Monastic Life in the Syriac Orthodox Church
- The Institution of Cenobitism
Monastic life was known in Christianity from the 2nd century AD (as mentioned by Bar Hebraeus). In the 3rd century AD many ascetics, worshippers, and hermits appeared in many places subject to the See of Antioch. Saint Anthony (+ 356) is regarded as the founder of monastic life. He was called the “father of monastic life” and “star of the desert.” And, Saint Paul of Thebes was considered the first anchorite (His daily meal consisted of half a loaf of bread which was brought to him, like to the great prophet Elijah, by a raven).
With the flowering of monastic life and the spread of monasteries in Egypt, Saint Pachomius wrote the rules for cenobitic life, regulating all the spiritual, bodily, and social needs of the monks.
- The Syriac Monasteries
From the beginning of the 4th century, many famous monasteries were founded throughout the lands under the jurisdiction of the See of Antioch, that is to say in Syria, Mesopotamia, on the southern coast of Palestine, in the Syrian desert, at Mount Edessa, at Mount Izla, which surveys Nisibis and Tur-Abdin, and in Qardu and Al-Faf close to Mosul. They became centers of learning and of the virtuous life; thousands of monks and nuns withdrew into them from the worldly life in their quest for the Kingdom of God.
- Monastic Life in the Service of the Church
Although monastic life arose outside the church, it is a force that supports the church. For monks and nuns live not for the redemption of their own souls alone, which is their mission, but the pastoral and spiritual well-being of the population is also their concern. They have prayed day and night for the church and the world, so that the light of faith has been shed upon all humanity.
In hard times the anchorites abandoned their cells and monasteries and went into the cities to aid the faithful and to confirm them in their religion, to help them bear oppression with patience and in steadfast faith. When heresy arose, they departed to preach to the faithful and to preserve them from the mistaken beliefs of the heretics and to give them a firm hold in the orthodox faith that was entrusted to them by the holy apostles and the church (a great example here is St. Aphrem the Syriac +373).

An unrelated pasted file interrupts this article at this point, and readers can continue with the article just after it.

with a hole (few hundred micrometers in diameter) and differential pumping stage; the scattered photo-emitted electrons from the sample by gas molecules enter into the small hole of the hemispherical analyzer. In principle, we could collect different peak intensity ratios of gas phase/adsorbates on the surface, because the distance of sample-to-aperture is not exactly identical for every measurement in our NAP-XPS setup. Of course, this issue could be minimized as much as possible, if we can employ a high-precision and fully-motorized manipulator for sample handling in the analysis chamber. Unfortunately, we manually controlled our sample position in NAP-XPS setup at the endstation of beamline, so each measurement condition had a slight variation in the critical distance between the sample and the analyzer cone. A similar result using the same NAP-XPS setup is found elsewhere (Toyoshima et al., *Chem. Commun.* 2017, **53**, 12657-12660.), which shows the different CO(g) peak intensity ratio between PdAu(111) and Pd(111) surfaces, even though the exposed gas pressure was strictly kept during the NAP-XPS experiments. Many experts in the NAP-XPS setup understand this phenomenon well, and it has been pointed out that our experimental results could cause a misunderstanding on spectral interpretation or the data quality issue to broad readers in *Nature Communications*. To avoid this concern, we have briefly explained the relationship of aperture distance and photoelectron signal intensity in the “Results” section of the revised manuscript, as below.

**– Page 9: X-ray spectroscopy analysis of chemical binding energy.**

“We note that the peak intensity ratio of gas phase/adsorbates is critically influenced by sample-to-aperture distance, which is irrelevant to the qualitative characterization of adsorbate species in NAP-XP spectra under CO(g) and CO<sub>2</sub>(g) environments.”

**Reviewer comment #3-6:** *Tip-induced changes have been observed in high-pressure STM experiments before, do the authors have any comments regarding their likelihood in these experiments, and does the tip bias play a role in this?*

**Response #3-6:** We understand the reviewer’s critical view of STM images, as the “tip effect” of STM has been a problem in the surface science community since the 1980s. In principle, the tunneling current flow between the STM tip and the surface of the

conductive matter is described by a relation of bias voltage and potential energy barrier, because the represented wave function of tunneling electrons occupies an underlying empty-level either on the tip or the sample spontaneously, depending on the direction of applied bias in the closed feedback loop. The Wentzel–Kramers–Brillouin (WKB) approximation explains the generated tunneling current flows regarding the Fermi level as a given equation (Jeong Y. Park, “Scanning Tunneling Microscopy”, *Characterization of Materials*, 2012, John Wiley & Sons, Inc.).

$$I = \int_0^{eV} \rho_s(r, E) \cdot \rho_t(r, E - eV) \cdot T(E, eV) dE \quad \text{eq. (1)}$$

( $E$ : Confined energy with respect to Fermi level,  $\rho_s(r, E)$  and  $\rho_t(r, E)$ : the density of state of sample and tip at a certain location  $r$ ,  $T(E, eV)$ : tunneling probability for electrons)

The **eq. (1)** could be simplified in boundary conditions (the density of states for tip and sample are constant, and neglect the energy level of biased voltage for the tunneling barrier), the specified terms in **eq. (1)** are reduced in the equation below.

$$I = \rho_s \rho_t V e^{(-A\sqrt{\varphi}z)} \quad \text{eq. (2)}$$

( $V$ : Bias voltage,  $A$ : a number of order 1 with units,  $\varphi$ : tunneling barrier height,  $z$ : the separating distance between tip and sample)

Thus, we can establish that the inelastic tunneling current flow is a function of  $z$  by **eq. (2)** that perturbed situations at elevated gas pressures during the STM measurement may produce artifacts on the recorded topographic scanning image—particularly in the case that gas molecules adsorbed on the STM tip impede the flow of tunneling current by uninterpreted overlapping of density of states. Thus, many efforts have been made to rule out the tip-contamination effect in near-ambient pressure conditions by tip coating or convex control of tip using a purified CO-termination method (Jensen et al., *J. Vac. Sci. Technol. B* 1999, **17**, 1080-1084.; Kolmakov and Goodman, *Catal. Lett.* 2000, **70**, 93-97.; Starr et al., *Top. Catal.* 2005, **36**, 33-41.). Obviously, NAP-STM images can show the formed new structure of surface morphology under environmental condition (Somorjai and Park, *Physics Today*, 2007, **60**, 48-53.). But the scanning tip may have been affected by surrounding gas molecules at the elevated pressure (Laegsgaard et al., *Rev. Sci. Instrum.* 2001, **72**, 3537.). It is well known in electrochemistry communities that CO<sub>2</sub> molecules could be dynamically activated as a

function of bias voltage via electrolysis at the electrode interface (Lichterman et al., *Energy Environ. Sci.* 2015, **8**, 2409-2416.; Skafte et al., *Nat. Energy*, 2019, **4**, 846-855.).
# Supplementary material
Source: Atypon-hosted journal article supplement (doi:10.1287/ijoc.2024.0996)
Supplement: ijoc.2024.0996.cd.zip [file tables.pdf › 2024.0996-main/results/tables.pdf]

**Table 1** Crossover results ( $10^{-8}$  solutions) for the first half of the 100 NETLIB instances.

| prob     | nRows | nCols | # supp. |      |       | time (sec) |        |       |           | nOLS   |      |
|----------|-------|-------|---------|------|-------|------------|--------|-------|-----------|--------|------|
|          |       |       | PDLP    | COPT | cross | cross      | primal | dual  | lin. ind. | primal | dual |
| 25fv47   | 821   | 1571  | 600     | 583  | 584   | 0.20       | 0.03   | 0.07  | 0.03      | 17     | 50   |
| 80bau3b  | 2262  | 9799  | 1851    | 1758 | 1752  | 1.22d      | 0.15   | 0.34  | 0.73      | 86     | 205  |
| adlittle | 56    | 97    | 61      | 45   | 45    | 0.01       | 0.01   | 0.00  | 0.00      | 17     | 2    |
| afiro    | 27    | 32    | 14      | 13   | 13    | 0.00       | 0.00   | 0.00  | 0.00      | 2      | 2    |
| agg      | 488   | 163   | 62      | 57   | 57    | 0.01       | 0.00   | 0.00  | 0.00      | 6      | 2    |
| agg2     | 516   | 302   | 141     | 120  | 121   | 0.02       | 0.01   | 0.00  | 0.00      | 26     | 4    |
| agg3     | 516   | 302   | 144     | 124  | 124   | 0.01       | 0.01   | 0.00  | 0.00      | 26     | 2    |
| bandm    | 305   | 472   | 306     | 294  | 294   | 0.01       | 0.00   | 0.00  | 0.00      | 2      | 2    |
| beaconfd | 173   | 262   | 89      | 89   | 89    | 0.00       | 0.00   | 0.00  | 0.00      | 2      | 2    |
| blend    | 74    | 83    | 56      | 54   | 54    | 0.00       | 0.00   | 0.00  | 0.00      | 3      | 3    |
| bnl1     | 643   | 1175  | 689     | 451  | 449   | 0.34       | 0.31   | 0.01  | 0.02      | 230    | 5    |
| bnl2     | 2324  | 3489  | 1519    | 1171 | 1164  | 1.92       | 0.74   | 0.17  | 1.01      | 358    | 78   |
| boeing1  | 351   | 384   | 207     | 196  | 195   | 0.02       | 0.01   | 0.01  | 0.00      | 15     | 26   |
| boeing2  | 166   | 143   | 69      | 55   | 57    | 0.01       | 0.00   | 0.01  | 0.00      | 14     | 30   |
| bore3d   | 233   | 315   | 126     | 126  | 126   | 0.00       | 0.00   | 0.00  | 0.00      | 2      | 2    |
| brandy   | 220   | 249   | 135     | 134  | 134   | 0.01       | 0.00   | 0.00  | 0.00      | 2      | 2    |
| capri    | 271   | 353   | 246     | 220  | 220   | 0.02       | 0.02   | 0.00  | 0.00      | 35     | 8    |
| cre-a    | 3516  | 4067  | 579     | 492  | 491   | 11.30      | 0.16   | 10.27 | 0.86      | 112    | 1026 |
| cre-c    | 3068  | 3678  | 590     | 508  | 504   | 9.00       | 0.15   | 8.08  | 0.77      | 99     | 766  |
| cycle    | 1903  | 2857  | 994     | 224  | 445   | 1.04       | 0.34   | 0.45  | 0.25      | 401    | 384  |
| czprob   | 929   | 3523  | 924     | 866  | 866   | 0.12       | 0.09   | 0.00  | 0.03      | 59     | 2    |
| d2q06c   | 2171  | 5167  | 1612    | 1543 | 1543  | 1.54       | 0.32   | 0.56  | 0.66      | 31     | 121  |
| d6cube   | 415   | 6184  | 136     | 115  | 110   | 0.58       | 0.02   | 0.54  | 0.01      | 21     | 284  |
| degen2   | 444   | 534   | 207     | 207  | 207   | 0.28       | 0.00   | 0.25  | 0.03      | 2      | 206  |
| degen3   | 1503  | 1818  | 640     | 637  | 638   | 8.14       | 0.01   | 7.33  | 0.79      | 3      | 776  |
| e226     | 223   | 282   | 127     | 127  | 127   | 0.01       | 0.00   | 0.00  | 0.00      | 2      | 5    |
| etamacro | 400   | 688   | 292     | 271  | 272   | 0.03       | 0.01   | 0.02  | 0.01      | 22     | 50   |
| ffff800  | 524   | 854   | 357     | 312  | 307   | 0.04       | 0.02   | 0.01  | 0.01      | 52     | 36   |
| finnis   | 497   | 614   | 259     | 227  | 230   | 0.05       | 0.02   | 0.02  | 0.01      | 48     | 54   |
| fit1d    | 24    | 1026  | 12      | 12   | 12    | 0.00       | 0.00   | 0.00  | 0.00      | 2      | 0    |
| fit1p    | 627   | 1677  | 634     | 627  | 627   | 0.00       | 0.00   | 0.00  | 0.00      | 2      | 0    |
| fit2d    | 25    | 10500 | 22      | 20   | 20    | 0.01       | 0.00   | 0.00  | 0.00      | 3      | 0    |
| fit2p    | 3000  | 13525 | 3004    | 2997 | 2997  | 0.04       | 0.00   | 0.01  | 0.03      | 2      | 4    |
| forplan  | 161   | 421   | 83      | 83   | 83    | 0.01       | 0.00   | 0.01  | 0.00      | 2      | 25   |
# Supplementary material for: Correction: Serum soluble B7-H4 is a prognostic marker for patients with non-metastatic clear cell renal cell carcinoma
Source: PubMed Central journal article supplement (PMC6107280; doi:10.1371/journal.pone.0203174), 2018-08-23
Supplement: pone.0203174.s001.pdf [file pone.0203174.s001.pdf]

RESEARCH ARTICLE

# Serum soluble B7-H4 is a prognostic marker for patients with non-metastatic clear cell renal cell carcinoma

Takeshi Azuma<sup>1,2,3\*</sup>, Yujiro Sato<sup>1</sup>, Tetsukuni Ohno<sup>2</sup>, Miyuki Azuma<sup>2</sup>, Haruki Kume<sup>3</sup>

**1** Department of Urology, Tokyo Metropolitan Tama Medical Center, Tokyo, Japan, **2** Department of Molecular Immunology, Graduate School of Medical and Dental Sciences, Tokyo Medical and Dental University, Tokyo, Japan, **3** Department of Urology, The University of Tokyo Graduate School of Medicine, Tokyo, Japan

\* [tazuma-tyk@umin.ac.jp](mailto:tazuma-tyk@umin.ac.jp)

- The Worthy Status of Monastic Life in the Church
In the eyes of society, the monk is the bearer of sublime tidings — the teachings of the Gospel — which he lives in truth, practices in perfection and offers as an example to humanity.
The church has thus recognized monastic life and has chosen its bishops and sometimes the patriarchs from among the monks.
Patriarchs and bishops, after election as spiritual fathers and leaders, continue to live as monks as if still living in their monasteries. Saint Jacob, Bishop of Nisibis, the teacher of Saint Aphrem is said to have worn a goatskin robe, and to have prayed, fasted and kept vigil by night. Thus monastic life has performed an invaluable service for the church. Moreover, the development of the church is bound up with the flowering of monastic life. As Saint Athanasius wrote: “If monastic life and the priestly ministry grow weak, the entire church weakens.”
In his book “The Scattered Pearls: History of Syriac Learning and Literature”, the great scholar Patriarch Aphrem I Barsaum (+ 1957) writes: “83 monasteries have been counted that were important centers of higher learning since the advent of Christianity. Only ruins remain of some of them. But, despite the campaigns of destruction and persecution their inhabitants have suffered, other monasteries have remained steadfast.
Examples of famous monasteries which were previously inhabited are: The Qenneschrin Monastery, The Qarqaphto Monastery, The St. Barsoum Monastery, The St. Zakai Monastery, and The Baared Monastery.
Examples of monasteries still inhabited and active today are: St. Hananyo Monastery (Dayr az-Zafaran) – Turkey, St. Gabriel or Qartomin Monastery – Turkey, Monastery of Mark the Evangelist – Jerusalem, St. Matthew’s Monastery – Iraq, and The Syrian Monastery in Egypt (occupied until the mid-17th century and now inhabited by Coptic monks).
- Monastic life in our Syriac Church Today
The Syriac Church has experienced various forms of oppression, especially since the beginning of the present millennium. These have led to weakening monastic life and thus weakening the church.
Today the church is aware that renewal and awakening is imperative, thus she has encouraged her children to dedicate themselves to the church and to become monks and join the communities of our monasteries.
The church has devoted particular care to the St. Aphrem Seminary (which was founded in Zahle, Lebanon in the 1930’s by the Patriarch Aphrem I Barsaum and has finally settled in Ma’rat Saidnaya). It has produced and will continue to produce monks who are aware of their responsibilities and who are willing to make sacrifices in the effort to revive the church. Some of the graduates are sent to theological colleges abroad to complete their university education.
On the other hand, the church has established the monastary of St. Jacob of Baradaeus for nuns in Atchaneh – Lebanon.
It should also be mentioned that Syriac Church has two schools in St. Gabriel Monastery and in Dayr az-Za’faran Monastery as well as a theological school in Mosul, and a theological faculty in India.
The Syriac Church also has monasteries in Netherlands, Germany and Switzerland. It is her hope that Syriac monastic life will flourish everywhere in the world where Syriacs live.